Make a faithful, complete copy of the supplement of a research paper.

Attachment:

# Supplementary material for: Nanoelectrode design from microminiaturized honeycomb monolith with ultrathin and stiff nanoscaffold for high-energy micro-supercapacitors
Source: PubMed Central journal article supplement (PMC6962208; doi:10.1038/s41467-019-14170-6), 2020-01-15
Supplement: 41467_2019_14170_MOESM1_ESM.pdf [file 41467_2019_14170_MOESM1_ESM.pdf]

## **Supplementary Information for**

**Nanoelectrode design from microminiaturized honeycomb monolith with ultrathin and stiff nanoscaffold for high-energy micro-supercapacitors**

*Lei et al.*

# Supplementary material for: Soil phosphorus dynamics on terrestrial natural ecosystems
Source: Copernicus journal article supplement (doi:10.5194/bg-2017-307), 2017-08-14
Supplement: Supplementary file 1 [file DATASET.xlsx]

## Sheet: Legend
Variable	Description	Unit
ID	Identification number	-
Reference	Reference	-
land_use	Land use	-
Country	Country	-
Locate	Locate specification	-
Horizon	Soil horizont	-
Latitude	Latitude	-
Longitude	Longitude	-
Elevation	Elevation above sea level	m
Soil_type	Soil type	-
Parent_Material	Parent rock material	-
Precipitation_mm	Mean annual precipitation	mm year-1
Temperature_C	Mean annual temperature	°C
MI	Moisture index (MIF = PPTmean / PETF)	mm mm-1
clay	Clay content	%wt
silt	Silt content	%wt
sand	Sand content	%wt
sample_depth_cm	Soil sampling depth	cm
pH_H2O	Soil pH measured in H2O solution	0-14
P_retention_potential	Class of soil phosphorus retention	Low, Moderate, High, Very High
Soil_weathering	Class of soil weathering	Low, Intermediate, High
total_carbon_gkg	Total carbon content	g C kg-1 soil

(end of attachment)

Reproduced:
# Supplementary material for: Nanoelectrode design from microminiaturized honeycomb monolith with ultrathin and stiff nanoscaffold for high-energy micro-supercapacitors
Source: PubMed Central journal article supplement (PMC6962208; doi:10.1038/s41467-019-14170-6), 2020-01-15
Supplement: 41467_2019_14170_MOESM1_ESM.pdf [file 41467_2019_14170_MOESM1_ESM.pdf]

## **Supplementary Information for**

**Nanoelectrode design from microminiaturized honeycomb monolith with ultrathin and stiff nanoscaffold for high-energy micro-supercapacitors**

*Lei et al.*

# Supplementary material for: Soil phosphorus dynamics on terrestrial natural ecosystems
Source: Copernicus journal article supplement (doi:10.5194/bg-2017-307), 2017-08-14
Supplement: Supplementary file 1 [file DATASET.xlsx]

## Sheet: Legend
Variable	Description	Unit
ID	Identification number	-
Reference	Reference	-
land_use	Land use	-
Country	Country	-
Locate	Locate specification	-
Horizon	Soil horizont	-
Latitude	Latitude	-
Longitude	Longitude	-
Elevation	Elevation above sea level	m
Soil_type	Soil type	-
Parent_Material	Parent rock material	-
Precipitation_mm	Mean annual precipitation	mm year-1
Temperature_C	Mean annual temperature	°C
MI	Moisture index (MIF = PPTmean / PETF)	mm mm-1
clay	Clay content	%wt
silt	Silt content	%wt
sand	Sand content	%wt
sample_depth_cm	Soil sampling depth	cm
pH_H2O	Soil pH measured in H2O solution	0-14
P_retention_potential	Class of soil phosphorus retention	Low, Moderate, High, Very High
Soil_weathering	Class of soil weathering	Low, Intermediate, High
total_carbon_gkg	Total carbon content	g C kg-1 soil